Not a drill
Specter of flooding hits the North State, threatens lives and progress in Oroville
My cellphone started blowing up Sunday afternoon. At 3:42 p.m., the first text rolled in from a friend of mine who lives in Los Angeles but owns a building in downtown Oroville: “What’s the scoop with the Oroville Dam?” he asked.
I double-checked before responding with what I knew—that low-lying downtown Oroville would be hit hard if the dam’s emergency spillway were to fail but that the authorities were saying all was well. I was working on a project in my kitchen at the time. I got back to it, but checked in on things every 10 minutes or so. Shortly thereafter, a mandatory evacuation for those regions popped up on the Butte County Sheriff’s Facebook page.
The message ended with this twice-repeated warning: “This is NOT A Drill.” Actually, it read “This in NOT A Drill.” Obviously, Sheriff Kory Honea and company were moving fast to get the message out amid news that erosion could lead to a breach of that structure—an earthen hillside with a concrete top where it meets the lake.
I let my friend know what I’d read. Then I took to CN&R’s Facebook page to warn readers. Minutes later, my best friend, a reporter with the San Francisco Chronicle, called to see if she could crash at my house. She was on her way to Chico from the suburbs of Sacramento to work on a story.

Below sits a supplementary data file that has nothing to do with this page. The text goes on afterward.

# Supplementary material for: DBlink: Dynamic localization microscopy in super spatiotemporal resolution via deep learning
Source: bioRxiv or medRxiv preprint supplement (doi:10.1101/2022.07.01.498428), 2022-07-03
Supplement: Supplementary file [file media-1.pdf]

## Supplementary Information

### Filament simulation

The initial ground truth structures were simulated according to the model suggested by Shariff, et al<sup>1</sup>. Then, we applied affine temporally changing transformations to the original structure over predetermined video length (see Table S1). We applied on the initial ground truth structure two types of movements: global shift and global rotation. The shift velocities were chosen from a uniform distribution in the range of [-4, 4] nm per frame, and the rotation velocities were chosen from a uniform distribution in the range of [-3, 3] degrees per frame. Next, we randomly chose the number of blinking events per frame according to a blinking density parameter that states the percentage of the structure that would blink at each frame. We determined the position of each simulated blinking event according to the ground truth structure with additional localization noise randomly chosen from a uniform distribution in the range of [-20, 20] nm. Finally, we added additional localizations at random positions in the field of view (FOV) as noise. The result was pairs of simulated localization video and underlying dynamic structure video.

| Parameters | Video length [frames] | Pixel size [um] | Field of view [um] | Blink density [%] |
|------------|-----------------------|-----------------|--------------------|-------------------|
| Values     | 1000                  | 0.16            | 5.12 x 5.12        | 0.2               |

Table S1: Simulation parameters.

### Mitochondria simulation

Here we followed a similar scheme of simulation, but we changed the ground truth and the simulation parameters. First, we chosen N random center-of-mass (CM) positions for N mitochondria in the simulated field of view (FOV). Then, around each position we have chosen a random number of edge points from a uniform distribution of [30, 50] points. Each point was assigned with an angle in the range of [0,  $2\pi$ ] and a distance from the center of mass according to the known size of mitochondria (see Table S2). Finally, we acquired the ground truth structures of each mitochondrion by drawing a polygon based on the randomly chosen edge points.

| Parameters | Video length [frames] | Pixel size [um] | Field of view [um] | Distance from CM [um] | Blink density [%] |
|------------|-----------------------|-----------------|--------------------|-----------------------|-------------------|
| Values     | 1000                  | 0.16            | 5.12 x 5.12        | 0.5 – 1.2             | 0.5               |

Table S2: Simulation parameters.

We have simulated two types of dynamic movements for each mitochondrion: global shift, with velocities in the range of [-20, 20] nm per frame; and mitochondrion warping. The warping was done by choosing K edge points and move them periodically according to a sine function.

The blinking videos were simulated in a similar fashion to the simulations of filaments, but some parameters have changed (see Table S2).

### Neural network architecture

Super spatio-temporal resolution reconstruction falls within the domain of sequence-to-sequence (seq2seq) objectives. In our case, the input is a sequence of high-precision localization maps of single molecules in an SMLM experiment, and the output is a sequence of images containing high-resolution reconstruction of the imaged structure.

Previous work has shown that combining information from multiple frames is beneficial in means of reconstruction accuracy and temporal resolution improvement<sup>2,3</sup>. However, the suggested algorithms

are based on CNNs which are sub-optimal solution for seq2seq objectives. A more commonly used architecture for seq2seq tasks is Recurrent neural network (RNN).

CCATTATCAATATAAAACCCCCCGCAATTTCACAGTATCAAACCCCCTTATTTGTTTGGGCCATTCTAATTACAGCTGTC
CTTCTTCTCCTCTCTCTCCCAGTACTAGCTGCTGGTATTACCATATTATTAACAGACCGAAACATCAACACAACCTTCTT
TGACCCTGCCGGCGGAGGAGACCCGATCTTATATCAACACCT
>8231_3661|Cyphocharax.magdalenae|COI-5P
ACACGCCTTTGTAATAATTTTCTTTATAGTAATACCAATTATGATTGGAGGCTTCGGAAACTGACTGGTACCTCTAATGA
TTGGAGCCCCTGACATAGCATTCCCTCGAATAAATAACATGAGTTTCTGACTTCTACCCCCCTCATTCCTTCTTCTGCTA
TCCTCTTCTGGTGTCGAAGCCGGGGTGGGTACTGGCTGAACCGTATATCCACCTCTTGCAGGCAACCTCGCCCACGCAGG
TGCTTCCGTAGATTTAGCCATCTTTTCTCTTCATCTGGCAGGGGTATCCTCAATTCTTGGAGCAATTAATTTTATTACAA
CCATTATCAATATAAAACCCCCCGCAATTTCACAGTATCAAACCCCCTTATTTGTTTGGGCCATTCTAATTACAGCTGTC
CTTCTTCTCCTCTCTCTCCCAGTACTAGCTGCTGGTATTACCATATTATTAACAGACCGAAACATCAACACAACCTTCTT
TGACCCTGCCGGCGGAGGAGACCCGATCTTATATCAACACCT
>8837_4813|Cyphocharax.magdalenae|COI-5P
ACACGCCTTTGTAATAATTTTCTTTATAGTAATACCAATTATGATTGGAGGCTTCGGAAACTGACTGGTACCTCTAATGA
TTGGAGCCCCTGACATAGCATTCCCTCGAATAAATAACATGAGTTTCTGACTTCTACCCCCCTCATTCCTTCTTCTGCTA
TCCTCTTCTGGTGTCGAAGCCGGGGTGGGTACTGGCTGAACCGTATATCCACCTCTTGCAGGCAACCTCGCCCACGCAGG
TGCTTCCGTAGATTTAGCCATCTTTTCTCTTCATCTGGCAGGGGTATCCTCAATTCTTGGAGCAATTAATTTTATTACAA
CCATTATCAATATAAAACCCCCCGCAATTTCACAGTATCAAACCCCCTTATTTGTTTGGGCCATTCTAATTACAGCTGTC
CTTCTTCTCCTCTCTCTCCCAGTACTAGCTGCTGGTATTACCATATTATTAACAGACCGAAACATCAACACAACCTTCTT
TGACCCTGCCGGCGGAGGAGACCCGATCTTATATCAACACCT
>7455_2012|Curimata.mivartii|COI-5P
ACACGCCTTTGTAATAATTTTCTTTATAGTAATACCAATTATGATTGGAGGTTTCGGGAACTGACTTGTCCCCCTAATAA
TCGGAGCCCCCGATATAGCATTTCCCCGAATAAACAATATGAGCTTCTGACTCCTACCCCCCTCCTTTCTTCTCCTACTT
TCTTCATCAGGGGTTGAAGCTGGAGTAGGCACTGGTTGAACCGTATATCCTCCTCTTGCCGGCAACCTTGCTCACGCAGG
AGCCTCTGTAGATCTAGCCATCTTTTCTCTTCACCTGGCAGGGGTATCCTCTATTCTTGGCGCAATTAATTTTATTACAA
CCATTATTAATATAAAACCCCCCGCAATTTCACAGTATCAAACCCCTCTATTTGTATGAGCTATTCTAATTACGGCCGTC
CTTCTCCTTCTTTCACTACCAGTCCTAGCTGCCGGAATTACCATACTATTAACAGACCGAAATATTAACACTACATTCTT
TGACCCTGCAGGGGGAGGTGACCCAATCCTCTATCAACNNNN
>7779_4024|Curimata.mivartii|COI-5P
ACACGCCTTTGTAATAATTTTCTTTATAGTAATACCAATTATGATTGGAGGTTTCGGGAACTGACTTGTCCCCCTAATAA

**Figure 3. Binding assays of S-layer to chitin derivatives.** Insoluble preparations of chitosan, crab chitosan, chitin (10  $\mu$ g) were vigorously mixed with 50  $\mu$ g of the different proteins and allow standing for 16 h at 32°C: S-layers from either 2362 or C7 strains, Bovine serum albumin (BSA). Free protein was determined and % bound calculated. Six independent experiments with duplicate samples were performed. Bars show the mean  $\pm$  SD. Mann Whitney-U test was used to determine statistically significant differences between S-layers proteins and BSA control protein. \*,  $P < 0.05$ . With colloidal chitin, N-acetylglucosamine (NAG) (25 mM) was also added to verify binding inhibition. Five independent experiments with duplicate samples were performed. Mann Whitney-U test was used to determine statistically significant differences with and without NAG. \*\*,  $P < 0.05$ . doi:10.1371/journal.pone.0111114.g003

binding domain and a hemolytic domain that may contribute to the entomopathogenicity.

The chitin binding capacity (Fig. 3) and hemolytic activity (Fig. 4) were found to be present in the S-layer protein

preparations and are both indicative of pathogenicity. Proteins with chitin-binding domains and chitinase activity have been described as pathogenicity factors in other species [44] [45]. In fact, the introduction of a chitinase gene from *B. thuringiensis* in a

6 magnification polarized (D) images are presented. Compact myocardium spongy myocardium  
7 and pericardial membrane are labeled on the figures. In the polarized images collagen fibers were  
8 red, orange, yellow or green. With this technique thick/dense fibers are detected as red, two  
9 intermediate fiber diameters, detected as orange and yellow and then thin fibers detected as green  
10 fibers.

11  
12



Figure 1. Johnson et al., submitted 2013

“Which way should I go?” she asked.
“Don’t go up Highway 70,” I responded.
At that point, she was already headed north on Highway 65. As news trickled in that Gridley could be affected, I directed her to Colusa via Highways 99 and 20. On that route, she could hit Highway 45 and come into Chico on Highway 32. She was far enough into the drive that, by the time the evacuations of Yuba City and Marysville were announced, she was ahead of the curve. Others endured gridlock.
I kept hunting for news from emergency personnel, and at one point it sounded as though failure of the emergency spillway was imminent. As one official from Cal Fire later put it, the outcome would have resulted in the release of a “30-foot wall of water.”
I thought of all of the people who were probably terrified, especially those closest to the dam. Poor Oroville, I thought. The town gets a bad rap, and it certainly has its share of rough customers and crime, but there are a lot of good folks doing things to turn that image around. From organizations helping indigent people to business people trying to revitalize the area and provide jobs for residents.
In fact, CN&R has seen big changes in Oroville over the last five years, especially downtown, which is why we’d chosen to feature it in our annual Business Issue well before the dam’s emergency spillway was a threat to that progress and, more important, to the lives of the tens of thousands of North State residents. In these pages, you’ll read about the historic region’s revitalization.
We’ve also extended our Newslines section this week so that we could focus our attention on the crisis in Oroville. Of course, the specter of flooding isn’t over quite yet. We’ll be following the situation in the weeks to come.